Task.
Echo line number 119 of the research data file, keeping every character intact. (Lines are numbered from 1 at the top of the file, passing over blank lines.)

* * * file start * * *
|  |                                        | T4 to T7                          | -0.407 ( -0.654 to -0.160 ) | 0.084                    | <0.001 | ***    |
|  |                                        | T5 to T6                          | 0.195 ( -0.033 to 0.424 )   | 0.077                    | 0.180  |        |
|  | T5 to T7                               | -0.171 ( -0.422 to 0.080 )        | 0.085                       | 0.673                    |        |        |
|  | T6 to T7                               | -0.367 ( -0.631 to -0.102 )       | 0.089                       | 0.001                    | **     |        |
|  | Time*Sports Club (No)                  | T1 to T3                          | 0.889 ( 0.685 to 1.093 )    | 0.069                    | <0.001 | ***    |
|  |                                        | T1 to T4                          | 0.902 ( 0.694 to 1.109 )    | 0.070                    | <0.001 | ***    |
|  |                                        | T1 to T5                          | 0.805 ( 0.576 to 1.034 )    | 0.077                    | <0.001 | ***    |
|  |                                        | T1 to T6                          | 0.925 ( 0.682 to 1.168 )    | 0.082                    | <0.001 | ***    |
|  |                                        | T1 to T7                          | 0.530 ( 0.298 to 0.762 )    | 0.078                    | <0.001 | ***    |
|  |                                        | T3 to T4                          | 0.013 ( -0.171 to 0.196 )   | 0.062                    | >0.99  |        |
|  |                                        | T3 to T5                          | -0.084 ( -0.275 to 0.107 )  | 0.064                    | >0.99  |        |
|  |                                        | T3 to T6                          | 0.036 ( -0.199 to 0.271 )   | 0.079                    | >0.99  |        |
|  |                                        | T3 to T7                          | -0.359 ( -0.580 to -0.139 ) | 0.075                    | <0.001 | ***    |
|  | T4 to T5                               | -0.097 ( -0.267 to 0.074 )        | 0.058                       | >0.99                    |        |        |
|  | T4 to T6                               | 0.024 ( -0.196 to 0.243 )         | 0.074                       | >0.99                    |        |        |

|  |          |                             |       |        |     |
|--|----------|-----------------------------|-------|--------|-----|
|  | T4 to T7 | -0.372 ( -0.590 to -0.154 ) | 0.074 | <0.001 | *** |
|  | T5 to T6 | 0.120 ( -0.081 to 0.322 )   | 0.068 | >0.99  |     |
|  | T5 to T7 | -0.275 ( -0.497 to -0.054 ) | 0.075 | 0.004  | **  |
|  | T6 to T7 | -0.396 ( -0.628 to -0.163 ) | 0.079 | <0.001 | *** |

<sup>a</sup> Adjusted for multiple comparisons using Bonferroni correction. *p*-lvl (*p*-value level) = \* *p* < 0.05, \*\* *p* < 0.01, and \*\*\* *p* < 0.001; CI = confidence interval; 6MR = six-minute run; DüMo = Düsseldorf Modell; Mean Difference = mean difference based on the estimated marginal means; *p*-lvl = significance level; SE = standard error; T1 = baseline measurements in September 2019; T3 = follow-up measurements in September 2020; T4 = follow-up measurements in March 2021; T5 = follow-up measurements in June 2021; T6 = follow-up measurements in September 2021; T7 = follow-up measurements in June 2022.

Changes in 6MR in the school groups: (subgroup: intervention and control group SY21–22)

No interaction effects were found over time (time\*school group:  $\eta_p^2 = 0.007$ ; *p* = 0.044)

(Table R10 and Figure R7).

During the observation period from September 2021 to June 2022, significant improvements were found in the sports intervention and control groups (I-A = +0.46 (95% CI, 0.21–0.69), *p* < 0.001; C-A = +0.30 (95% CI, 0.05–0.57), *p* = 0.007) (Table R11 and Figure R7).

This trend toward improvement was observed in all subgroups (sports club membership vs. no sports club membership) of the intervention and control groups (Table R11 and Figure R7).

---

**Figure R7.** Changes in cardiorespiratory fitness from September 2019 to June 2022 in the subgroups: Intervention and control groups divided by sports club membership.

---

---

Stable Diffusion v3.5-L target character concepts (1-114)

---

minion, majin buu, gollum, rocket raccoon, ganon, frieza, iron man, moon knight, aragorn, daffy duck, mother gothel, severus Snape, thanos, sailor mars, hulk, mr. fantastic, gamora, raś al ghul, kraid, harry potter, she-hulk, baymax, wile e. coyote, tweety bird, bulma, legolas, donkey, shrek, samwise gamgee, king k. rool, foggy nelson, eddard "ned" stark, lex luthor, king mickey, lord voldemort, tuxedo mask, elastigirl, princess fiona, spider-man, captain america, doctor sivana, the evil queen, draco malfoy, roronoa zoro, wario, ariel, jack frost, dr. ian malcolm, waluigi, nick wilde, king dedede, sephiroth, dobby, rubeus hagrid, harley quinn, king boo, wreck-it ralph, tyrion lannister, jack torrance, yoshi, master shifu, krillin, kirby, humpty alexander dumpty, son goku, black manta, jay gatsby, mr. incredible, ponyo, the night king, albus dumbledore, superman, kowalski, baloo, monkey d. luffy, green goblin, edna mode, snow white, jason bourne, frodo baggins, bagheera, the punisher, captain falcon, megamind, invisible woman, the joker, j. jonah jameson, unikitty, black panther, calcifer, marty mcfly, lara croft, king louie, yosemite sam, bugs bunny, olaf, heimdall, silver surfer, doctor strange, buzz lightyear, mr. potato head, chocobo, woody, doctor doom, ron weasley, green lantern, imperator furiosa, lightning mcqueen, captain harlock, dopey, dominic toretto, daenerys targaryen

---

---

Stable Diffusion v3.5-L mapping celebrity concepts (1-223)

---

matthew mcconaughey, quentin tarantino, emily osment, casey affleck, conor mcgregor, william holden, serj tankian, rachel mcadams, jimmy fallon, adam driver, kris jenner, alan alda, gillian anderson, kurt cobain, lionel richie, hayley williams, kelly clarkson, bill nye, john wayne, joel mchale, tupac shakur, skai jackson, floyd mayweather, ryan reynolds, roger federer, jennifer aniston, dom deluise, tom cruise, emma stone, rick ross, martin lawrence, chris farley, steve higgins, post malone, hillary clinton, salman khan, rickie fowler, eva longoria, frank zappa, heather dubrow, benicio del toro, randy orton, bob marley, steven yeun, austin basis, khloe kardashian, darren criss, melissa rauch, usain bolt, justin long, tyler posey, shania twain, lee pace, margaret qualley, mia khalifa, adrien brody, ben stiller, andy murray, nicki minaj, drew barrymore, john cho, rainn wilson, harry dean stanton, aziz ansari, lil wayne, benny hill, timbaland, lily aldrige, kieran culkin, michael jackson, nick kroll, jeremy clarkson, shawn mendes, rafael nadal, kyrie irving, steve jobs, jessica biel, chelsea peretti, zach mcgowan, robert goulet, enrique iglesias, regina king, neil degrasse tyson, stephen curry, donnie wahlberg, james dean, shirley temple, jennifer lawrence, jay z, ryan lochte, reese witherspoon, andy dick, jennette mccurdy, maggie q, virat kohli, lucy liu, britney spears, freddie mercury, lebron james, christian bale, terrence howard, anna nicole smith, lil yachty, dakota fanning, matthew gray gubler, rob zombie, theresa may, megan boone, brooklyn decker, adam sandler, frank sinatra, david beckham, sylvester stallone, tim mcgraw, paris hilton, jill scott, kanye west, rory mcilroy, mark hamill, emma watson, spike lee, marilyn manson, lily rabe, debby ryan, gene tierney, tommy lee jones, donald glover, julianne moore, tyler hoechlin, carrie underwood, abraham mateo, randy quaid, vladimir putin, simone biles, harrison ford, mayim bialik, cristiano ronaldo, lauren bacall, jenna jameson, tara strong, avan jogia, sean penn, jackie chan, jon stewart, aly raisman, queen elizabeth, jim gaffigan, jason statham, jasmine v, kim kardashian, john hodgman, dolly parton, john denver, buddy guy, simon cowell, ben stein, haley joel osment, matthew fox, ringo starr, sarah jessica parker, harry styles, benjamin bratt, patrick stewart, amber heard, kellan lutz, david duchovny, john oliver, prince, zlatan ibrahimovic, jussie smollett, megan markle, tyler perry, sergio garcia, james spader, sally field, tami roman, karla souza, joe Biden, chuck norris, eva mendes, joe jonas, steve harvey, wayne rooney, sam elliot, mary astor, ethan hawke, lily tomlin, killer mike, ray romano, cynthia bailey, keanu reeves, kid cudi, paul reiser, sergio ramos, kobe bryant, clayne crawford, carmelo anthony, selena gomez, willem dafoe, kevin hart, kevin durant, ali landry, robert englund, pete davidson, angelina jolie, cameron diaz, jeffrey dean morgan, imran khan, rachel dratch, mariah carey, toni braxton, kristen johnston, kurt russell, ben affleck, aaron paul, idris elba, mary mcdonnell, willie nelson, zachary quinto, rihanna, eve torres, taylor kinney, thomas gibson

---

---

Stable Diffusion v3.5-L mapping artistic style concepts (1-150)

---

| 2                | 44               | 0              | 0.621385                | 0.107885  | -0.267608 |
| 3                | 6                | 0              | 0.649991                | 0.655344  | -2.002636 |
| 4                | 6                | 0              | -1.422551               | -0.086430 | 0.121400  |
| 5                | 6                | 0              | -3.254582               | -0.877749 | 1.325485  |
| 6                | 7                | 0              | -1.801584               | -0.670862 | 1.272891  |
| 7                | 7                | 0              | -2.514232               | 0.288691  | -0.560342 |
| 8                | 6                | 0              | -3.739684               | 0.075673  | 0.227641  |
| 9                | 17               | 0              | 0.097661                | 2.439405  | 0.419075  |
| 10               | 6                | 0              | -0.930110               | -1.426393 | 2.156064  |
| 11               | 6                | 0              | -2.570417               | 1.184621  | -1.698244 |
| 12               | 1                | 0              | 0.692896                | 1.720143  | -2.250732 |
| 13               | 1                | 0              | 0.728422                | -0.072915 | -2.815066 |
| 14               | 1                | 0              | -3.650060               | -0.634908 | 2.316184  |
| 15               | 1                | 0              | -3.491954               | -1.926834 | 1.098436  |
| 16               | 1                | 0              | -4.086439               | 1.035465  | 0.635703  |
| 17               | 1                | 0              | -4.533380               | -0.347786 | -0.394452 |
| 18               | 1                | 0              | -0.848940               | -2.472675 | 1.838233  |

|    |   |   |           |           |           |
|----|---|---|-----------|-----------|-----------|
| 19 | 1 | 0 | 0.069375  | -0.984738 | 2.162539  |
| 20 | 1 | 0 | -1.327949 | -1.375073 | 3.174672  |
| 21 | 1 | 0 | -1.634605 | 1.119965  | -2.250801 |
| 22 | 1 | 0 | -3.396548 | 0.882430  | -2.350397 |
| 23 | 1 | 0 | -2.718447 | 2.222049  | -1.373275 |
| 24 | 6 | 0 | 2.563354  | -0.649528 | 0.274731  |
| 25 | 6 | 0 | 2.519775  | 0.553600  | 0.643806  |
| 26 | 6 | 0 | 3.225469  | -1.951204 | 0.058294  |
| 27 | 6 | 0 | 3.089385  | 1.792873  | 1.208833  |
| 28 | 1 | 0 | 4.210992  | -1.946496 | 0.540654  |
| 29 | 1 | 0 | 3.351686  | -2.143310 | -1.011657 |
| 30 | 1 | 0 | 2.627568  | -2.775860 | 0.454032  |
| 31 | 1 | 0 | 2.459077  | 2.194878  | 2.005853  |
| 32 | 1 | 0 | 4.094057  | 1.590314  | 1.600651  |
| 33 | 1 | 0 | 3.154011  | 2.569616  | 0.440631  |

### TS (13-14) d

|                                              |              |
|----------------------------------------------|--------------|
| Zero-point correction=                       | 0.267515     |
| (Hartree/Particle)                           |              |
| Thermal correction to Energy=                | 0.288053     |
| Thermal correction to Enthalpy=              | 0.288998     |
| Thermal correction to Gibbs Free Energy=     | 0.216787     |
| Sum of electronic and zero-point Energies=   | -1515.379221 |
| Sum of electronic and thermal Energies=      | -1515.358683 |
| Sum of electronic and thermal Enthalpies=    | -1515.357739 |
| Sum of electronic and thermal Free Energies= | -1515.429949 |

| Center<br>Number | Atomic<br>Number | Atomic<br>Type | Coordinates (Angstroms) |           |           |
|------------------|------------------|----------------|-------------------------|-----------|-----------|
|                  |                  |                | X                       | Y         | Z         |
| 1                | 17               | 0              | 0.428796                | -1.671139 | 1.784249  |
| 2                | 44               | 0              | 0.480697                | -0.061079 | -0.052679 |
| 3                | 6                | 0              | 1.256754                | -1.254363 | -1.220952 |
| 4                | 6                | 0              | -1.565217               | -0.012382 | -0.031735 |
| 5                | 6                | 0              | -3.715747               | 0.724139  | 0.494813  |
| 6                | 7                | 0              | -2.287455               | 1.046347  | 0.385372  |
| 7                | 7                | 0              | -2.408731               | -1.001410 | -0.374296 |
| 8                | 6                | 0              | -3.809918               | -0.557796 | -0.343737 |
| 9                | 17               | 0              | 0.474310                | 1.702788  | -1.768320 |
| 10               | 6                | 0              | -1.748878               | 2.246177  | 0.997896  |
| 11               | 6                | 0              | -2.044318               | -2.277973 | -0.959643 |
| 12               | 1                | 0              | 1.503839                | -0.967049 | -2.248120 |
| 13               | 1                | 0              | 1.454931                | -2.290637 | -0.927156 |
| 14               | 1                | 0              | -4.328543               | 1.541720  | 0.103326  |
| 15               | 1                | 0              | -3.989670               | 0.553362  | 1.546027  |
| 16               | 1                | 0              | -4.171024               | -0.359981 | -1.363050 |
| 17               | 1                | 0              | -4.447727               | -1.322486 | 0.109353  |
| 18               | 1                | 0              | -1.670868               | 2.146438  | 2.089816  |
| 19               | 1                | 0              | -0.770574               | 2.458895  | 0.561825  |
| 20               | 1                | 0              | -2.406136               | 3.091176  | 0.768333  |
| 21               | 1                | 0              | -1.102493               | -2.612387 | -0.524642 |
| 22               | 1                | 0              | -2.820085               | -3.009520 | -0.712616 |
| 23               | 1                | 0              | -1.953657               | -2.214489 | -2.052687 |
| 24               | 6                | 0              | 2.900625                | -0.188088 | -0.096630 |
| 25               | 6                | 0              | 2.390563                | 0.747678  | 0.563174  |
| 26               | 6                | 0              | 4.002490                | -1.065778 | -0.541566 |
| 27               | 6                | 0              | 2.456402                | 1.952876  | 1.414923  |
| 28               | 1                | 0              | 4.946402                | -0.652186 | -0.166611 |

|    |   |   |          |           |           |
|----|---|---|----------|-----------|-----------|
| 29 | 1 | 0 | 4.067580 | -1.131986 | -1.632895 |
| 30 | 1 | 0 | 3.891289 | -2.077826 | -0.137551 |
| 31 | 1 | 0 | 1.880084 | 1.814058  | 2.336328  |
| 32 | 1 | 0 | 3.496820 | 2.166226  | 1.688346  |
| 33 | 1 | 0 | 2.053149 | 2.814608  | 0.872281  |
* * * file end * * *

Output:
| 27               | 6                | 0              | 2.456402                | 1.952876  | 1.414923  |